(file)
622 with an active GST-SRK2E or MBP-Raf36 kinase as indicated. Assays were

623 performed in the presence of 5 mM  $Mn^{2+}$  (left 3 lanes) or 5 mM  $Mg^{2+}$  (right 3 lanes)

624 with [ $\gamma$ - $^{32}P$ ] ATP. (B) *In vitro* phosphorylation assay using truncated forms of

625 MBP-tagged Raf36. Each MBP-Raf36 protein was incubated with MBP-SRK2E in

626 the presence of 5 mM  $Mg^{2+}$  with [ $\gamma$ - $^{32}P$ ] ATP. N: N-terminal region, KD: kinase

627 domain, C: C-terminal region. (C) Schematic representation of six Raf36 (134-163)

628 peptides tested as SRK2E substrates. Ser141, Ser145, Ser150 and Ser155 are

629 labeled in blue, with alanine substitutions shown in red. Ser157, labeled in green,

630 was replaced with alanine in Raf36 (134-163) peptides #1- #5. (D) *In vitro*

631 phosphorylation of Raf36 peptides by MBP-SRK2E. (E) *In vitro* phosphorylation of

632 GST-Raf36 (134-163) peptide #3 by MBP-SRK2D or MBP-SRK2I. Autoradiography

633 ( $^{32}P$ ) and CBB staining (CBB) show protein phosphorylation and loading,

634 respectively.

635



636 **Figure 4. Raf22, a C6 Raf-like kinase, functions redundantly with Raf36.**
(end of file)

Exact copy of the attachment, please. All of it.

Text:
622 with an active GST-SRK2E or MBP-Raf36 kinase as indicated. Assays were

623 performed in the presence of 5 mM  $Mn^{2+}$  (left 3 lanes) or 5 mM  $Mg^{2+}$  (right 3 lanes)

624 with [ $\gamma$ - $^{32}P$ ] ATP. (B) *In vitro* phosphorylation assay using truncated forms of

625 MBP-tagged Raf36. Each MBP-Raf36 protein was incubated with MBP-SRK2E in

626 the presence of 5 mM  $Mg^{2+}$  with [ $\gamma$ - $^{32}P$ ] ATP. N: N-terminal region, KD: kinase

627 domain, C: C-terminal region. (C) Schematic representation of six Raf36 (134-163)

628 peptides tested as SRK2E substrates. Ser141, Ser145, Ser150 and Ser155 are

629 labeled in blue, with alanine substitutions shown in red. Ser157, labeled in green,

630 was replaced with alanine in Raf36 (134-163) peptides #1- #5. (D) *In vitro*

631 phosphorylation of Raf36 peptides by MBP-SRK2E. (E) *In vitro* phosphorylation of

632 GST-Raf36 (134-163) peptide #3 by MBP-SRK2D or MBP-SRK2I. Autoradiography

633 ( $^{32}P$ ) and CBB staining (CBB) show protein phosphorylation and loading,

634 respectively.

635



636 **Figure 4. Raf22, a C6 Raf-like kinase, functions redundantly with Raf36.**